Other work has suggested that iAs impacts mitochondrial function (Luz et al., 2016; Santra et al., 2007) and our RNAseq analysis also highlighted mitochondrial dysfunction as a response to iAs exposure. It is possible that mitochondrial damage in hepatocytes could reduce lipid oxidation and cause lipid accumulation. Another interesting possibility is that communication between the mitochondria and ER could impair the function of both of these organelles if one is damaged. We found that ero1a, a component of mitochondrial-associated ER membranes (MAMs) and a regulator of oxidative protein folding and ER redox homeostasis (Anelli et al., 2011; Benham et al., 2013; Seervi et al., 2013), is among the genes that are significantly upregulated in both iAs and ethanol datasets. MAMs are key signaling centers that act at the interface between mitochondria and the ER, and are linked by their key functions in redox homeostasis and calcium storage (Carreras-Sureda et al., 2017). Thus, it is possible that defects in the function of multiple organelles contribute both to the ER stress and FLD phenotypes caused by iAs exposure.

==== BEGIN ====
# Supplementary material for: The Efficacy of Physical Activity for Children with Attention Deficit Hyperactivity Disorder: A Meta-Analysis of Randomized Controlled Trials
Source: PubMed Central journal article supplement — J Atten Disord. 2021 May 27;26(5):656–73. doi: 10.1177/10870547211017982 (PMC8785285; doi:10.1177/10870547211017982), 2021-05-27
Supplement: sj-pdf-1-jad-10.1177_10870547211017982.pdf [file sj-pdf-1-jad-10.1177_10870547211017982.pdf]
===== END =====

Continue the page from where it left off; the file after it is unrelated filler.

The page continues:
Other mechanisms proposed to mediate iAs toxicity – namely changes in DNA methylation (Huang et al., 2004; Hughes, 2002; Kile et al., 2012; Mauro et al., 2016) – were not identified by our studies in zebrafish (not shown). In fact, there is nearly no overlap in the gene expression changes induced by iAs and by mutants that have a defect in DNA methylation (Chernyavskaya et al., 2017; Jacob et al., 2015), and our preliminary studies found neither an impact on global DNA methylation nor synergy with mutants that have DNA methylation loss (not shown). Thus, we conclude that oxidative and ER stress are the major mechanisms of iAs hepatotoxicity.
By comparing the iAs and ethanol RNAseq datasets, we found several additional enriched pathways that may contribute to the development of FLD. Both glycolysis and gluconeogenesis pathways were enriched in both datasets, and these pathways have previously been demonstrated to be induced by iAs in the liver of guinea pigs and adult zebrafish (Li et al., 2016; Reichl et al., 1988). We speculate that these pathways are important for maintaining the energetic balance required for efficient protein folding and hepatic metabolism, and that the accumulation of lipids in hepatocytes of toxin-stressed cells may serve as an adaptive function to store energy.